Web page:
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OT: Entemology - large high-flying bug?

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Wirt Atmar

Aug 14, 2001, 12:30:08 PM8/14/01
David asks about a question that's been bugging him:

> What kind of bug weighs in somewhere between one and four ounces, and might
> be encountered at 2000 feet AGL (8000 feet) over the plains just east of
> Colorado Rockies?
> My friend ran into one flying his Piper Apache near Denver. I don't know
> what time of year this was, but could find out if it is important.

As it occurs, a lot of insects fly that high, and even higher. As a part of a
job I had in an earlier lifetime, agricultural entomology, in a galaxy far,
far away, I used to monitor storm-borne migrations of noctuid moths in the
hope that we would be able to predict cotton bollworm outbreaks from the
weeks' previous satellite photographs of the Gulf of Mexico/Sierra Madre
storm movements. Some of the best data we had at the time that our moths were
capable of moving on these storms were radar tracks of moth swarms taken by
US Navy facilities in San Diego at 10,000 to 12,000 feet. These swarms were
verified by sampling to be noctuids.

However, the strong-flying grasshoppers, such as Schistocerca gregaria, not
only fly extraordinary distances (the longest recorded, non-stop migration to
date is 2880 miles), but also fly at substantial altitude, generally in the
3000 to 5000 feet range. If you remember, in the movie, "Flight of the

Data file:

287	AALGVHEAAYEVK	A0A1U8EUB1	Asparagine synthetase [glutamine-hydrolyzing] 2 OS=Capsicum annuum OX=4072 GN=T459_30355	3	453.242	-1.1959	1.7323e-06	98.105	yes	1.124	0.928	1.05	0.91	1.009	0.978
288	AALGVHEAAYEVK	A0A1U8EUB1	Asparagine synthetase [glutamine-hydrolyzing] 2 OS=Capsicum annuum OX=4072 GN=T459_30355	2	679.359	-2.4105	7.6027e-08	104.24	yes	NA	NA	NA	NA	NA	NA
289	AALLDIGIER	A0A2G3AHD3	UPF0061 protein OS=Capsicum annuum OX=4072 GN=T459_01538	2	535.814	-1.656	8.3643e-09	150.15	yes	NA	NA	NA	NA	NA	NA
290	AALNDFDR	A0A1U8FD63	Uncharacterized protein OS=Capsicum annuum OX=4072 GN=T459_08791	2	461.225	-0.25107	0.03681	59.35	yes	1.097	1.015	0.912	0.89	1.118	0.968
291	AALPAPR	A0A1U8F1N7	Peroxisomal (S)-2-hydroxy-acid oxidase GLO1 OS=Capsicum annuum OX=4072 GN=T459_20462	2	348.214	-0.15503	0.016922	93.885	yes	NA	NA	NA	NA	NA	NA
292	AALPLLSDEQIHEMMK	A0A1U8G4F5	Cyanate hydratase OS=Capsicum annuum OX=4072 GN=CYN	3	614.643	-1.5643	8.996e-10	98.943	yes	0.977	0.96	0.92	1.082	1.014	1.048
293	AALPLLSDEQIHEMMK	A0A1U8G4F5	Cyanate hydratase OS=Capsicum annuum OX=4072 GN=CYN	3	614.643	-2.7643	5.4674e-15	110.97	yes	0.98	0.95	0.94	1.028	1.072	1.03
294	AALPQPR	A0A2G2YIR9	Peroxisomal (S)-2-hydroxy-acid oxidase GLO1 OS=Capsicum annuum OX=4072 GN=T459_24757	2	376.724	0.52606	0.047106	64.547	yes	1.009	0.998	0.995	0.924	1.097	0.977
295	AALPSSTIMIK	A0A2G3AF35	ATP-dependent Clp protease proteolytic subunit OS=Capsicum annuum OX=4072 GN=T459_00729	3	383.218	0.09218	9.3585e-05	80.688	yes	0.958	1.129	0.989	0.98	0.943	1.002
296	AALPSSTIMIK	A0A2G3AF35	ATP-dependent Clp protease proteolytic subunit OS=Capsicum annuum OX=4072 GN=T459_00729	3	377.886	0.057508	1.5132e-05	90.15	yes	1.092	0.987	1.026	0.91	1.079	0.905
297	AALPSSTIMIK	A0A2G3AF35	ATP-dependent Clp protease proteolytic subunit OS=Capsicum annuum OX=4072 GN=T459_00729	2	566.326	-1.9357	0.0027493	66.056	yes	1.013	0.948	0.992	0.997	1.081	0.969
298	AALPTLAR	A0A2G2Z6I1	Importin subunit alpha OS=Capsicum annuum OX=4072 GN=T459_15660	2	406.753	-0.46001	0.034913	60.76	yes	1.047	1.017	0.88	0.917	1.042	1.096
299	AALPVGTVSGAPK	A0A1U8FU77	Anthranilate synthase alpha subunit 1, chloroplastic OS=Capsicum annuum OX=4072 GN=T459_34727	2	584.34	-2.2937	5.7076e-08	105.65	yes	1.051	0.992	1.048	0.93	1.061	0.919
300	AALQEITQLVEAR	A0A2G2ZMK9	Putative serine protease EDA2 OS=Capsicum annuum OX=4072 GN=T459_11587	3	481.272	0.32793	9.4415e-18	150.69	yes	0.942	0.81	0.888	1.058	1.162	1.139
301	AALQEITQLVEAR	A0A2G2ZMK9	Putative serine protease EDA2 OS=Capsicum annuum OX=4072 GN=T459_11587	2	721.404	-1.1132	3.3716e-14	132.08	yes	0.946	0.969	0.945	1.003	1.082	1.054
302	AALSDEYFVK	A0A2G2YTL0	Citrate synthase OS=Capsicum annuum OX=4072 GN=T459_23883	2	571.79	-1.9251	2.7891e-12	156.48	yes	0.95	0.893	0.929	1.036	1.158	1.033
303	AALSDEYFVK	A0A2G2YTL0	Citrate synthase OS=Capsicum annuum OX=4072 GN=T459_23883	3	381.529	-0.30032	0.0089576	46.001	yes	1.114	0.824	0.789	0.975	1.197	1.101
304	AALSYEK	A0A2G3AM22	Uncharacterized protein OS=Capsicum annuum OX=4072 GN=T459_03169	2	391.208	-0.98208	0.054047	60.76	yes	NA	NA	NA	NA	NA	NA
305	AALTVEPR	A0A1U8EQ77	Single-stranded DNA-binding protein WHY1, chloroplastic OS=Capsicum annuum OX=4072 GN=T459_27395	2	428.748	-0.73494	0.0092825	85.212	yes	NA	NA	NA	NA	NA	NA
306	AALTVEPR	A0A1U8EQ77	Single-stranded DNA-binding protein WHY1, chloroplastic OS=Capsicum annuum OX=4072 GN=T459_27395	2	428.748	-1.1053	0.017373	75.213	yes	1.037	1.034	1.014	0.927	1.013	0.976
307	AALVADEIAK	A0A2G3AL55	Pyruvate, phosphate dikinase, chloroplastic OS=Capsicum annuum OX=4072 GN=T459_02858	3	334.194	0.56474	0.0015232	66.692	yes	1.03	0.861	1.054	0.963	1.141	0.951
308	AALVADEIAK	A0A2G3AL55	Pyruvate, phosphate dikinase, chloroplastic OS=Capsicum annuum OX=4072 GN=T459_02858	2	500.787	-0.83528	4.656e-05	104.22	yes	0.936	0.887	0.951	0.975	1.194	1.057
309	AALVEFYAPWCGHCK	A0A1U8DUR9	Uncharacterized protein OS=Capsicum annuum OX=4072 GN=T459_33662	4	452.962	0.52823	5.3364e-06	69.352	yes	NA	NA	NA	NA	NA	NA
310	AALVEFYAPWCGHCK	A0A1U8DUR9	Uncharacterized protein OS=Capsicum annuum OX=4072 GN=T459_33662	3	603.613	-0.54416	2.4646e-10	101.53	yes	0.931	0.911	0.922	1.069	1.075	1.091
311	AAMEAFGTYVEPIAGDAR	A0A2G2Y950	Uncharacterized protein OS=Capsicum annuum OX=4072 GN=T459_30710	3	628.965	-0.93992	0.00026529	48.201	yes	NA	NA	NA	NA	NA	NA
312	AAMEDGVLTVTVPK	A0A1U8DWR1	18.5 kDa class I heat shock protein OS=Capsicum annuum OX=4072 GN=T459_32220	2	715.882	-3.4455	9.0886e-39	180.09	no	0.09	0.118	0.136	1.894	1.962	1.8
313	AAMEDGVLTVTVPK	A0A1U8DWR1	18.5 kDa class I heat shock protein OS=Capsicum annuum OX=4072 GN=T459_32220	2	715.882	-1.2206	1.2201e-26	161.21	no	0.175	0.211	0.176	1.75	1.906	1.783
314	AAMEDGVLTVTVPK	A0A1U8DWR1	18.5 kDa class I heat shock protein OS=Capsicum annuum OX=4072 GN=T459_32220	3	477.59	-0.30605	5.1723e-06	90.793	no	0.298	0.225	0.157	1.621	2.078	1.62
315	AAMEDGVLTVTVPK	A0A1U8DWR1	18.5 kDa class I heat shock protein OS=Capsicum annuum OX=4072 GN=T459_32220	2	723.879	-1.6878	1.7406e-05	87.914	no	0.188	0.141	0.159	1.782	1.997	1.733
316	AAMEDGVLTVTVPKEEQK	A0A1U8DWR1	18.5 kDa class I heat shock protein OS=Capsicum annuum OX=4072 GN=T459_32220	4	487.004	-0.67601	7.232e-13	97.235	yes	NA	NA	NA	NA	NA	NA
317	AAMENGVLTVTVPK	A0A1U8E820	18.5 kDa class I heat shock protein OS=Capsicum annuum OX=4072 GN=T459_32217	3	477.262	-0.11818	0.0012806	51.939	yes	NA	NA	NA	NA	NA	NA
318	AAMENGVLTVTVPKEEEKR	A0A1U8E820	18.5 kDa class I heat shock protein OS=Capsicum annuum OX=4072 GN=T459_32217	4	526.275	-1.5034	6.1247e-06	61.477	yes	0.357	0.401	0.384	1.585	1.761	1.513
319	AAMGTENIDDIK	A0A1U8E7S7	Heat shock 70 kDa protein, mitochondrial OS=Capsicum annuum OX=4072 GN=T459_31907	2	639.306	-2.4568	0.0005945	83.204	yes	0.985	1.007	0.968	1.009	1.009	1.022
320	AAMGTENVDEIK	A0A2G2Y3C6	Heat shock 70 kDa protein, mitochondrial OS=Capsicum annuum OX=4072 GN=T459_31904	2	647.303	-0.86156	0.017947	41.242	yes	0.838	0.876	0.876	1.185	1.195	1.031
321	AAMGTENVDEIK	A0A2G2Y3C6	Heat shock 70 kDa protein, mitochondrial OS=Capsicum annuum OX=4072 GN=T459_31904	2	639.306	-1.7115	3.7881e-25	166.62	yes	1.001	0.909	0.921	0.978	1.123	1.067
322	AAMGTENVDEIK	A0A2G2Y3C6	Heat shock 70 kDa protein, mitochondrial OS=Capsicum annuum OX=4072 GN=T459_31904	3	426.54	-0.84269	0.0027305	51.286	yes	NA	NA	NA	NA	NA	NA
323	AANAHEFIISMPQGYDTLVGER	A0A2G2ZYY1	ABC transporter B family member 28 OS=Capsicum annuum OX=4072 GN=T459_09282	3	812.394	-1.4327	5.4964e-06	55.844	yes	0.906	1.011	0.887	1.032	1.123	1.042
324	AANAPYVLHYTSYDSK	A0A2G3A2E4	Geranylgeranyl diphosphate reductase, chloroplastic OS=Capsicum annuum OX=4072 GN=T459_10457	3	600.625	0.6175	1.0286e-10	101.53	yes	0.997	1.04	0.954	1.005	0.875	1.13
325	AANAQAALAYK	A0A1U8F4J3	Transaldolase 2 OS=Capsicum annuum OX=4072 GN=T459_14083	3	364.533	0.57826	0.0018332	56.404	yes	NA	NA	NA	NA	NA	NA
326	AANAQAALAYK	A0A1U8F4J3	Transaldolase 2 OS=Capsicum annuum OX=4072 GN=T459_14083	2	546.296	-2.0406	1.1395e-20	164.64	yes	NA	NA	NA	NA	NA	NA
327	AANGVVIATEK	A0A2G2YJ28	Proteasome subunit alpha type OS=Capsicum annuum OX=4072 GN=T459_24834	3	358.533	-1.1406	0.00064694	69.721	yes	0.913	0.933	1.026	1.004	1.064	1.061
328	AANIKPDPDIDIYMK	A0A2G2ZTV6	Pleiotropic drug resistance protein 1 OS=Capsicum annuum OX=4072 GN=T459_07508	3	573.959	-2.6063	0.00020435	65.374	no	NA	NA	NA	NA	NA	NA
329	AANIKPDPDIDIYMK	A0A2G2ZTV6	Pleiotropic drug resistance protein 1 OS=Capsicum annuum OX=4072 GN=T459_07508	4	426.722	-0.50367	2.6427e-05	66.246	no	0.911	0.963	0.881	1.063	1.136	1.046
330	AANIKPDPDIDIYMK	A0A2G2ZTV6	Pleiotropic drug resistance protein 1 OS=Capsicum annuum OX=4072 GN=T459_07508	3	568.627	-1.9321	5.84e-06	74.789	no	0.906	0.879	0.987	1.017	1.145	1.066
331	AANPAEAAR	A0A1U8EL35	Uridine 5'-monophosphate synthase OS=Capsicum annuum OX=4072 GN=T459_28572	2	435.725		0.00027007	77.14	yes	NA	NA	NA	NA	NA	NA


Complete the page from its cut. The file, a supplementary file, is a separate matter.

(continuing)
Phoenix", which btw was filmed in my home town, Yuma, Arizona, it was a swarm
of Schistocerca that brought the plane down in the African desert. Similarly,
butterflies over the Rocky Mountains have been recorded at several thousand
feet about ground level.

But perhaps even more surprising perhaps is that some seeds and many spiders
"fly" at similar altitudes. Obviously these plants and animals are not flying
under their own power but are rafting on the winds, passively. Indeed, that's
how almost all small animals prior to the arrival of man on Hawaii got there.

Just as a note, the correct Greek form for insect is "ento-", not "ente-".
But that doesn't mean knowing that is going to do you all that much good.
Once, when we sat down in a restaurant in Alamogordo, NM, there was a dish on
the menu that was called "entomatadas", which could be literally translated
as "dead insects". Of course, I parsed the word wrongly. What it really meant
was "tortillas en-tomato-ated."

Wirt Atmar

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